Water systems at risk from growing demand for food – expert

By Laurie Goering

LONDON (AlertNet) – Efforts to feed an extra 2 billion people by mid-century could lead to widespread destruction of forests, wetlands and other natural systems that protect and regulate the world’s water, researchers warn.

But finding ways to boost agricultural production while protecting nature could produce big benefits, including reduced poverty and hunger in some of the world’s most fragile countries and hikes in food production that are sustainable beyond 2050.

“Given that we have to produce more food, how do we do that and not destroy ecosystems? That’s the biggest question in agriculture right now – not producing more food but doing it sustainably,” said David Molden, research director of the Sri Lanka-based International Water Management Institute.

The question is particularly urgent as water runs short in some of the world’s most important food-producing regions, including the plains of northern China, India’s Punjab and the western United States, as well as in a broad swath of the Middle East and North Africa.

The shortages are in part a result of population hikes and water overuse, but are also being worsened by the impacts of climate change, including more severe drought, extreme temperatures and increasingly unpredictable rainfall, Molden said.

As climate variability increases, “we’re bound to face some shocks to the system,” he said in an interview with AlertNet, as his institute released a new report on building “agro-ecosystems” to protect water and food security.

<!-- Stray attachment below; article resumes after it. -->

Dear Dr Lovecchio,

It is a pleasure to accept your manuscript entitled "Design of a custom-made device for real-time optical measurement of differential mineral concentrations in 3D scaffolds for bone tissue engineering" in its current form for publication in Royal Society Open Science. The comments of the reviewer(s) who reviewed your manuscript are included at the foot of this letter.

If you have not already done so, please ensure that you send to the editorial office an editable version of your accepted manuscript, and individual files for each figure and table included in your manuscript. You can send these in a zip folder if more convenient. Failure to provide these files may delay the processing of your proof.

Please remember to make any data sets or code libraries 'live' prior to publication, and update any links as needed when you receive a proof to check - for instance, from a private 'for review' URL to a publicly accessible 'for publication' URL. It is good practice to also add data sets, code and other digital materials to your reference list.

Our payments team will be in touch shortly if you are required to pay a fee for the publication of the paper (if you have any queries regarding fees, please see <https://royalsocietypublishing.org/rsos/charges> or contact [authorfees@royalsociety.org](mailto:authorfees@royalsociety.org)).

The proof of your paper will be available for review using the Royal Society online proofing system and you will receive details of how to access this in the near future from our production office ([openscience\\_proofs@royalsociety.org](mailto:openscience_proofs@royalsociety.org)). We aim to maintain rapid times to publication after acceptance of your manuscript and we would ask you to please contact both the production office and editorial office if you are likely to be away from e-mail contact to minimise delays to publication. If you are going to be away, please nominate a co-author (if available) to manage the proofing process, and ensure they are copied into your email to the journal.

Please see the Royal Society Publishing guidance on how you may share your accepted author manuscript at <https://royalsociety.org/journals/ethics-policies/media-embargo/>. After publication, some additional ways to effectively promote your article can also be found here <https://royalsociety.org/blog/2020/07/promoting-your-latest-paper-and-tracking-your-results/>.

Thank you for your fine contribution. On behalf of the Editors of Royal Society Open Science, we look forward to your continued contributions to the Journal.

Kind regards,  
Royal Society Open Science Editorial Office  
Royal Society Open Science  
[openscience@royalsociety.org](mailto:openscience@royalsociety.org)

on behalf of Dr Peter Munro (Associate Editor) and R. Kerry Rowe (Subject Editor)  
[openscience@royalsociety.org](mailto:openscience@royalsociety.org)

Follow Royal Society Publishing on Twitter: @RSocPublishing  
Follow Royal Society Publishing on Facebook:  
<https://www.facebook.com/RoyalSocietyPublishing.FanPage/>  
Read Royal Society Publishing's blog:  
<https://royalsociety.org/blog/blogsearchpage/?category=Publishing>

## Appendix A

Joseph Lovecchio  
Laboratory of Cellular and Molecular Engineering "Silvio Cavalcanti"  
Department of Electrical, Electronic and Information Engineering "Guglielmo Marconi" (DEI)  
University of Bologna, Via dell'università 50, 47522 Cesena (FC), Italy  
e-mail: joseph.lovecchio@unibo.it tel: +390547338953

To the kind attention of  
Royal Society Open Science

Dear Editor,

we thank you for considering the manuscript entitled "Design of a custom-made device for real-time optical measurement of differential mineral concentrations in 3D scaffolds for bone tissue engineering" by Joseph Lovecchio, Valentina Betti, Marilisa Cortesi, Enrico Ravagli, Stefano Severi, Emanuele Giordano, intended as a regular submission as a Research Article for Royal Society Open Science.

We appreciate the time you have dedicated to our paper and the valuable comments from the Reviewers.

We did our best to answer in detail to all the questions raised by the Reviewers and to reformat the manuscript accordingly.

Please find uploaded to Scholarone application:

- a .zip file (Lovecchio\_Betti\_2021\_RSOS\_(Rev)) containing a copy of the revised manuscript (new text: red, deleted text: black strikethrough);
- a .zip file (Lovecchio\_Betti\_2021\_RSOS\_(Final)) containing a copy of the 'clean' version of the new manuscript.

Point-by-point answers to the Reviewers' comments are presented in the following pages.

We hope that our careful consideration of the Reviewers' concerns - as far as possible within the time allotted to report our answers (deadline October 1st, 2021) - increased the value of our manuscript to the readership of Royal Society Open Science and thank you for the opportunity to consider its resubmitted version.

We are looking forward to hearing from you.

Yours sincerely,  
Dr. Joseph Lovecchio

The report asserts that “it is possible to feed everyone without massive and irreversible damage to our ecosystems – damage that would ultimately endanger both water and food security in the future.”

Making it happen, however, is a huge challenge, the report acknowledges.


The good news is that both researchers and people confronting water shortages around the world are coming up with some creative ways to produce more food with less water. Those include everything from raising fish in rice paddies to planting trees on farmland to protect and enrich soils, Molden said.

“The best people to figure it out are local people. It’s their survival. It’s amazing what kinds of things they come up with,” he added.

In Africa, where degraded soils are a widespread problem, some farmers are switching from plowing fields to “minimum tillage” systems that protect the structure of the soil, allowing it to absorb and hold more water. Such changes can help get farmers through short drought periods that could otherwise damage their crops, the researcher said.

Under traditional plowing and planting systems, only about 20 percent of rainfall is absorbed into crops, with the rest lost to evaporation and runoff. Improving soils – through planting fertilizer trees, adding compost and avoiding tilling fields, for instance – can help crops absorb up to 70 percent of the rain that falls, Molden said.

That is particularly crucial as climate change increases the variability of rainfall and snowmelt, making the water available to farmers less reliable, he said.

“When you’re sitting on the brink of water scarcity, a five to 10 percent difference (in water availability) is huge,” Molden added.

One encouraging sign is that agricultural experts increasingly understand that simply clearing land for agricultural expansion – including cutting trees and draining wetlands – is not the best way to boost production in the long run because of the impacts it can have on water availability, Molden said.

But that growing realisation is not always translating into action.

“It’s possible to feed everybody and still come up with a good healthy environment,” Molden said. “But that’s not the track we’re on.”

Right now, “we’re going into (water) debt and somebody, sometime, will have to pay for it,” he said.

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